I fear not for myself but for my children with regard to environmental degradation. But of course. My generation is probably the last that did not worry about an environmental apocalypse. Let me just borrow a few lines (written in original Tagálog spelling, another one of my unpopular advocacies) from Filipino folk band Asín to explain this fear:

Ang mğa batang ñgayón lang isinilang,
¿May hañguin pa cayáng matiticmán?
¿May mğa puno pa cayá siláng aaquiatín?
¿May mğa ilog pa cayáng lalañguyán?

Right now, it’s not enough to be simply “environmental” in order to save our natural resources. Protecting the environment nowadays is not just about throwing one’s waste in a designated trash bin or turning off electrical appliances that are not in use. It is not just about tree planting events. This is not just about hating illegal logging. Environmentalism is something that “needs to be done”, but without derailing the economy.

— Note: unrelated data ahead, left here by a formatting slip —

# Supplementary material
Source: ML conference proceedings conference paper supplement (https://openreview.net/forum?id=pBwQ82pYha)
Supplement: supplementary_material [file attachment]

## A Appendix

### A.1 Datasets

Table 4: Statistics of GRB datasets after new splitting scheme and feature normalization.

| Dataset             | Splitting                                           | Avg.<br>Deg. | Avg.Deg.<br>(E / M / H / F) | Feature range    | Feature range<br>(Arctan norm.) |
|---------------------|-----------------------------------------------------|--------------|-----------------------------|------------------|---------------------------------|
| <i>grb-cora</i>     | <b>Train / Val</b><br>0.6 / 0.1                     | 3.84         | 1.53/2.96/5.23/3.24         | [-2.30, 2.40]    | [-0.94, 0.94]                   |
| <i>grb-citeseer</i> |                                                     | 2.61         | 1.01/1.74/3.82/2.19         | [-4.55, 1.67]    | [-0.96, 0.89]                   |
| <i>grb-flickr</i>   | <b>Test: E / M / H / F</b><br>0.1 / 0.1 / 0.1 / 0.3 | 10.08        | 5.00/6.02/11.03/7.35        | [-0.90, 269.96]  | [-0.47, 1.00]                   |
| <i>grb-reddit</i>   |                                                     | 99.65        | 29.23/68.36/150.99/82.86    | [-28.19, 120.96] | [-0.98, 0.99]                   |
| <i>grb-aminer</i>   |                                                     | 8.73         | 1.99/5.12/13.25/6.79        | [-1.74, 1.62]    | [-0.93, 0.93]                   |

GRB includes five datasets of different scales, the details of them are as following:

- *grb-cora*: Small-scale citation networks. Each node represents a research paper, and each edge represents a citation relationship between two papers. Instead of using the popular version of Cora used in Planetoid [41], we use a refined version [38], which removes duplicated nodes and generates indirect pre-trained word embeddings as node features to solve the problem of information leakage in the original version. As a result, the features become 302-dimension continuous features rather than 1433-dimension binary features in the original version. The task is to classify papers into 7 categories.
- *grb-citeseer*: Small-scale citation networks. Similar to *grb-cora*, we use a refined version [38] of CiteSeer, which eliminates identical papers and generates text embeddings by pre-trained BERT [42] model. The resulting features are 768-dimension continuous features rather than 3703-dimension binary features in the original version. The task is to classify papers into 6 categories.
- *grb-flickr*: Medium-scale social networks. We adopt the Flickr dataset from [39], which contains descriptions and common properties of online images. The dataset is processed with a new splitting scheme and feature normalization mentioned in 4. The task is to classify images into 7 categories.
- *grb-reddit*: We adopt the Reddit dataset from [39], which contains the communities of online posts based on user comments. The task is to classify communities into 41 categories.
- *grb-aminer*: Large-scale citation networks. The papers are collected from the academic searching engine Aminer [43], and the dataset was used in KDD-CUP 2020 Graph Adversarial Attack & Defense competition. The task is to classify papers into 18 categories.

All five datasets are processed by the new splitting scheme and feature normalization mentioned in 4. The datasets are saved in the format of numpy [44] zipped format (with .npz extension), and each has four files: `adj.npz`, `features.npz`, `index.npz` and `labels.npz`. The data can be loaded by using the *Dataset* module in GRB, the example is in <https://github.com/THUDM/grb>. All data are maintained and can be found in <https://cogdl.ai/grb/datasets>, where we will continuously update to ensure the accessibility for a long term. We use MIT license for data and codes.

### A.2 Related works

The keyword here is sustainable development. The International Institute for Sustainable Development explains this much better:

All definitions of sustainable development require that we see the world as a system—a system that connects space; and a system that connects time.

When you think of the world as a system over space, you grow to understand that air pollution from North America affects air quality in Asia, and that pesticides sprayed in Argentina could harm fish stocks off the coast of Australia.

And when you think of the world as a system over time, you start to realize that the decisions our grandparents made about how to farm the land continue to affect agricultural practice today; and the economic policies we endorse today will have an impact on urban poverty when our children are adults.

We also understand that quality of life is a system, too. It’s good to be physically healthy, but what if you are poor and don’t have access to education? It’s good to have a secure income, but what if the air in your part of the world is unclean? And it’s good to have freedom of religious expression, but what if you can’t feed your family?